A curler who won Olympic gold for Canada came to Wadena for a weekend to help raise money and teach young people interested in the sport.
Marc Kennedy came to the East Central town Oct. 26 and 27 after Scott Comfort, the local curling club manager, reached out to him. Comfort has been all around the curling world, having managed a club in Regina and served on the Curling Canada executive.
“He reached out to see if I would be interested in doing a fundraiser with the Health Action Group and also to do a clinic with some of the young curlers here,” Kennedy said. “It seemed like a good opportunity to get out to a small community, talk curling, share some curling stories and meet some great people.”
Comfort was the middleman, not only booking Kennedy for the Health Action Group’s auction, but also getting him to talk to around 350 students from local schools. Comfort also managed to bring curlers Pat Simmons, Gerald Shymko and Jan Betker up to Wadena. The four celebrity curlers skipped a match against each other, using players that bid for the right to be on their teams.
“It will be fun,” Betker said before the game. “I don’t think anybody’s taking the curling too seriously. It’s just a fun event and a great way to earn some money for a worthwhile cause.”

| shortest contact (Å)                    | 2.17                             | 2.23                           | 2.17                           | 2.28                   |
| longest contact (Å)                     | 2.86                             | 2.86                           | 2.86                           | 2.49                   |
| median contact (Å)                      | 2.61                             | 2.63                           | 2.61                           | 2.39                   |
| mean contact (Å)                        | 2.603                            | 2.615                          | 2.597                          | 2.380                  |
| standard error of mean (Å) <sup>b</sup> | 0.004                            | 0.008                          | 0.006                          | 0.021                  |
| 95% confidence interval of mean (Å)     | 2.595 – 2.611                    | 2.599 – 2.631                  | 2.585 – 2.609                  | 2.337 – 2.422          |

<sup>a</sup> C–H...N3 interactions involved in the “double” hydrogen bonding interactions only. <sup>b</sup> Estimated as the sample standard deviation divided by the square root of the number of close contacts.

Comfort said it was Kennedy’s first time in Wadena. Kennedy is from St. Albert, Alta.
“I knew he was one of the nicest guys on the tour and one of the nicest guys in curling, so I knew he’d be well welcomed and appreciated,” he said.
At the auction, Kennedy said he shared his Olympic experiences with the audience.
“I took them on a bit of a journey that I went on the last few years in my own competitive game, the highs and lows of being a high performance athlete,” he said. “Winning a gold medal in Vancouver was definitely a high. Finishing fourth in Korea was a definite low. We won a Brier in Ottawa in 2016, lost the Brier final in 2017. You quickly go from the highest of the highs in our sport to the lowest of the lows and you just have to manage that.”
He added that managing the highs and lows is a part of living life and can be related to everyday experiences.
Kennedy said that at the clinics, his focus was the fundamentals.
“We’ve been working on what are the little things that make curlers good, what can you do to get better and sharing some of the tools that some of the best teams are using,” he said, adding later that some of those tools included sweeping techniques, set-up, dealing with the hack, how to slide properly and throwing the right weight. “Being able to pass those on to young curlers is important.”
Kennedy is taking a year off of professional curling, taking the opportunity to focus on teaching junior clinics, trying to give back to the sport he loves and spending time at home with his kids. He said he enjoyed his visit to Wadena.
“Wadena’s been incredibly welcoming to me. I’ve seen a lot of hometown hospitality while I’ve been here and met some great people. It’s an opportunity I’m very thankful for, to be able to do this and share some time with the kids.”